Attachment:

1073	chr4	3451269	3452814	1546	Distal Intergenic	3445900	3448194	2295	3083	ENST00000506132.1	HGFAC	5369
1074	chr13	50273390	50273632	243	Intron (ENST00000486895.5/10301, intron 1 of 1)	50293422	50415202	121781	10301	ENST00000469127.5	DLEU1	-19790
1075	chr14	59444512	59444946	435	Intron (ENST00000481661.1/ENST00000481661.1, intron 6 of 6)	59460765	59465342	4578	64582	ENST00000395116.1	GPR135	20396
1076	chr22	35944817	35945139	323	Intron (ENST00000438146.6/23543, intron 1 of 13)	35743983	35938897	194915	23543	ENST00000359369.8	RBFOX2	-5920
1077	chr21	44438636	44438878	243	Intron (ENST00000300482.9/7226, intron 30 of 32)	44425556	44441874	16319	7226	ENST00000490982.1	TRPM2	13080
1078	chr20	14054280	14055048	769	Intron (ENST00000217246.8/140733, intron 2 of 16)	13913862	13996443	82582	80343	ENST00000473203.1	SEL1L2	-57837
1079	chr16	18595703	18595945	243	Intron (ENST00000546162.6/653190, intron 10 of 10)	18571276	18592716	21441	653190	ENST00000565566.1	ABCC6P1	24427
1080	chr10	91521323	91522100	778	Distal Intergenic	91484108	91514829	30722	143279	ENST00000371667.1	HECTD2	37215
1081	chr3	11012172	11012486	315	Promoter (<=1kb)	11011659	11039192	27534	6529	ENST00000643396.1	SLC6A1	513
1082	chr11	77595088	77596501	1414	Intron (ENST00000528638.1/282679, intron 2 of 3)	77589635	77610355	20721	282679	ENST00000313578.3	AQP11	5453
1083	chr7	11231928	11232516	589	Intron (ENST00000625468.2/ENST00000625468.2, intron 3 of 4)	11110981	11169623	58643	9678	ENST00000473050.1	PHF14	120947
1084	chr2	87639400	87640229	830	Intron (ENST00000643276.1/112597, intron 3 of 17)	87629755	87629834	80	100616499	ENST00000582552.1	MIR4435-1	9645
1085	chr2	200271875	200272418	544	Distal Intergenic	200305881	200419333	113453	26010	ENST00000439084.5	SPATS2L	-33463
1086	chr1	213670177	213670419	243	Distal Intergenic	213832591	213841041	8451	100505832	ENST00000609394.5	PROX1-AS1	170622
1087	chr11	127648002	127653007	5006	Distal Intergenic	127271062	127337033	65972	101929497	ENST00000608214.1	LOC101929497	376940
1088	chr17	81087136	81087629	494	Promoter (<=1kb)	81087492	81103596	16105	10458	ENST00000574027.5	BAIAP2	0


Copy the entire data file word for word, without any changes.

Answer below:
1073	chr4	3451269	3452814	1546	Distal Intergenic	3445900	3448194	2295	3083	ENST00000506132.1	HGFAC	5369
1074	chr13	50273390	50273632	243	Intron (ENST00000486895.5/10301, intron 1 of 1)	50293422	50415202	121781	10301	ENST00000469127.5	DLEU1	-19790
1075	chr14	59444512	59444946	435	Intron (ENST00000481661.1/ENST00000481661.1, intron 6 of 6)	59460765	59465342	4578	64582	ENST00000395116.1	GPR135	20396
1076	chr22	35944817	35945139	323	Intron (ENST00000438146.6/23543, intron 1 of 13)	35743983	35938897	194915	23543	ENST00000359369.8	RBFOX2	-5920
1077	chr21	44438636	44438878	243	Intron (ENST00000300482.9/7226, intron 30 of 32)	44425556	44441874	16319	7226	ENST00000490982.1	TRPM2	13080
1078	chr20	14054280	14055048	769	Intron (ENST00000217246.8/140733, intron 2 of 16)	13913862	13996443	82582	80343	ENST00000473203.1	SEL1L2	-57837
1079	chr16	18595703	18595945	243	Intron (ENST00000546162.6/653190, intron 10 of 10)	18571276	18592716	21441	653190	ENST00000565566.1	ABCC6P1	24427
1080	chr10	91521323	91522100	778	Distal Intergenic	91484108	91514829	30722	143279	ENST00000371667.1	HECTD2	37215
1081	chr3	11012172	11012486	315	Promoter (<=1kb)	11011659	11039192	27534	6529	ENST00000643396.1	SLC6A1	513
1082	chr11	77595088	77596501	1414	Intron (ENST00000528638.1/282679, intron 2 of 3)	77589635	77610355	20721	282679	ENST00000313578.3	AQP11	5453
1083	chr7	11231928	11232516	589	Intron (ENST00000625468.2/ENST00000625468.2, intron 3 of 4)	11110981	11169623	58643	9678	ENST00000473050.1	PHF14	120947
1084	chr2	87639400	87640229	830	Intron (ENST00000643276.1/112597, intron 3 of 17)	87629755	87629834	80	100616499	ENST00000582552.1	MIR4435-1	9645
1085	chr2	200271875	200272418	544	Distal Intergenic	200305881	200419333	113453	26010	ENST00000439084.5	SPATS2L	-33463
1086	chr1	213670177	213670419	243	Distal Intergenic	213832591	213841041	8451	100505832	ENST00000609394.5	PROX1-AS1	170622
1087	chr11	127648002	127653007	5006	Distal Intergenic	127271062	127337033	65972	101929497	ENST00000608214.1	LOC101929497	376940
1088	chr17	81087136	81087629	494	Promoter (<=1kb)	81087492	81103596	16105	10458	ENST00000574027.5	BAIAP2	0